In a wide-ranging 2001 review of books on “new natural law” by John Finnis and Robert George published in the journal Religion), G. Scott Davis zeroes in on sexual ethics, which he notes is one of the main themes of George’s essays on natural law. Drawing on the Finnis/Grisez notion of “basic human goods,” George argues for legal restrictions on pornography and other forms of sexual immorality, and argues that non-procreational sex is an assault on the basic good of marriage.
According to Davis’s Aristotelian perspective, it seems that “proponents of the new natural law invented the notion of basic human goods because they realised that if they allowed only the Aristotelian virtues in accounting for the blame—or praiseworthiness—of actions, they would not be able to exclude all that they wanted to exclude. And this means sex.”
But, Davis argues, the new natural law is vulnerable precisely in its defense of traditional sexual morality. He cites KJ Dover’s description of ancient Athenian sexual morality:
“Greek culture differed from ours in its readiness to recognize the alteration of homosexual and heterosexual preferences in the same individual, its implicit denial that such alteration or coexistence created peculiar problems for the individual or for society, its sympathetic response to the open expression of homosexual desire in words and behaviour, and its taste for the uninhibited treatment of homosexual subjects in literature and the visual arts.”
Davis adds, “If most of us had been brought up in this kind of culture, the one that produced Oedipus Rex, our responses to anal sex, oral sex, paedophilia, prostitution, incest, orgies and bestiality would, it is pretty clear, be quite different from George’s.” He goes on to point out that our difference from Greek sexuality is the effect of the influence of Christianity, not natural law: “The legacy of Christian ascendancy is a set of assumptions, active in a fairly large part of the populace, about what is normal and what is deviant. But none of this is self-evident in Aristotle’s sense.”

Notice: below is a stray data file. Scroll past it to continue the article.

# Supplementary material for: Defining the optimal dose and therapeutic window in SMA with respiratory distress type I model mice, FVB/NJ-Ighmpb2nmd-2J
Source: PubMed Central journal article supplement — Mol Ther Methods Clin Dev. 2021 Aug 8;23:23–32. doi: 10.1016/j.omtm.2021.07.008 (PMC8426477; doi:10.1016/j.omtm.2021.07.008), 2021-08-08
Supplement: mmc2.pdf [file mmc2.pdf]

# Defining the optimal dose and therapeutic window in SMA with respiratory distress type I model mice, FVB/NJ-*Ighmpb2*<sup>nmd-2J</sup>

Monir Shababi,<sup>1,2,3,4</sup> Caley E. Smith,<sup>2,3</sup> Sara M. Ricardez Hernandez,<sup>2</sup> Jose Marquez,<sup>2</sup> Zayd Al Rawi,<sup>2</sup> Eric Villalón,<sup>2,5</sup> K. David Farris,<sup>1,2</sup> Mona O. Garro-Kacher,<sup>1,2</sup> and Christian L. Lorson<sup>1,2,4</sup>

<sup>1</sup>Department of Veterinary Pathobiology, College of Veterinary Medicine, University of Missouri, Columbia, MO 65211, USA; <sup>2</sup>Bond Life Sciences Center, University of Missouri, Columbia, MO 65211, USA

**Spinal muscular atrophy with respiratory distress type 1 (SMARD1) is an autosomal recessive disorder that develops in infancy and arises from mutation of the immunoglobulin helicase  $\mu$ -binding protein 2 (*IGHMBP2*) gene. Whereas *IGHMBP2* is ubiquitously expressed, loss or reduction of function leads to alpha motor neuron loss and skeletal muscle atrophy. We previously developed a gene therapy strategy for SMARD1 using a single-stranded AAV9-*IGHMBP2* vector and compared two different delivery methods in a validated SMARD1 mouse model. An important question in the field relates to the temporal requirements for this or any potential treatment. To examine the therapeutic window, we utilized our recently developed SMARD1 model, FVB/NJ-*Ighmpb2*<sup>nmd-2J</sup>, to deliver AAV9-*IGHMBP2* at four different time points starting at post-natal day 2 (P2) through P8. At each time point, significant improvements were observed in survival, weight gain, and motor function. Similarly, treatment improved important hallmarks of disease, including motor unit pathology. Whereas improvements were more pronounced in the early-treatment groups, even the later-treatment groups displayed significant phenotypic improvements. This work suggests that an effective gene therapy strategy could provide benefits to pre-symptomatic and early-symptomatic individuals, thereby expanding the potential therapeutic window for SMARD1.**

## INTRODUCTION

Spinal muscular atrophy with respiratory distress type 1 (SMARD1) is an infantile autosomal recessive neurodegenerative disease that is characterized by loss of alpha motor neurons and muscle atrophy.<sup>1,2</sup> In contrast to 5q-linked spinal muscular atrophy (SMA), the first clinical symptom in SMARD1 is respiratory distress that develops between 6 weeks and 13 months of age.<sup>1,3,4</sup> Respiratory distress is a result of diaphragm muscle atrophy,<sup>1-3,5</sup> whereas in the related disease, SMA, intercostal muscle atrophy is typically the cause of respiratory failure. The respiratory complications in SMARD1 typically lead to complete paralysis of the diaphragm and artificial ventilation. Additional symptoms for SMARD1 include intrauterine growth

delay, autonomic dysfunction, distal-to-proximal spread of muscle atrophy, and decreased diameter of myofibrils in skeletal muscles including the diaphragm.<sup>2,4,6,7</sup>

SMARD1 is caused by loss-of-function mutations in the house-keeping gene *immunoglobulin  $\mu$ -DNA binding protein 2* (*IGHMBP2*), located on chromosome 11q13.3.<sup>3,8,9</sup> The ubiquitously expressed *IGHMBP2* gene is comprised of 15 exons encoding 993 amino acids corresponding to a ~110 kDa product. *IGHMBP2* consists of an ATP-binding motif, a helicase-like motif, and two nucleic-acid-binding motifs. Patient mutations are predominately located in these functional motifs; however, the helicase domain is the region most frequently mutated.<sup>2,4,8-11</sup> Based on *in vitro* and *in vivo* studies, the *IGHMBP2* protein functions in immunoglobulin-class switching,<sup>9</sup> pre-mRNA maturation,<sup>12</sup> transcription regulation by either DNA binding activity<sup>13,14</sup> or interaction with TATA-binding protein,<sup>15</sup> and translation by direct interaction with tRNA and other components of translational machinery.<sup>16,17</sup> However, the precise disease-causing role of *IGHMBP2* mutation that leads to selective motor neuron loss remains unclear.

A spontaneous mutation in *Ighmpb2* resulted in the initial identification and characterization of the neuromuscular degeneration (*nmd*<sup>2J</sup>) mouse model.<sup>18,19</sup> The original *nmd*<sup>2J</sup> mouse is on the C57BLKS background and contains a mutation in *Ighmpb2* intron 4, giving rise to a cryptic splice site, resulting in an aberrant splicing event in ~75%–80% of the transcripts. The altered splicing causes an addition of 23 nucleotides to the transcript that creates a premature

Davis’s conclusion seems spot on to me: “the new natural law theory and its basic human goods stems . . . is just one more way of smuggling [a]medieval Christian vision into the discussion without paying the price of putting its theological commitments on the line.” Davis rejects those theological commitments, and the sexual ethics that go with it, and suggests that liberals “should concentrate on exposing the surreptitious theological commitments—it is no accident that George falls naturally into sacramental language when talking about marriage—deployed by the opposition.”
If natural law fails in sexual ethics, it doesn’t seem all that useful. Christians, I think, should take up the same task that Davis gives to liberals, because we too have a stake in “exposing the surreptitious theological commitments” behind natural law, and even more of an interest in “paying the price of putting [our] theological commitments on the line.”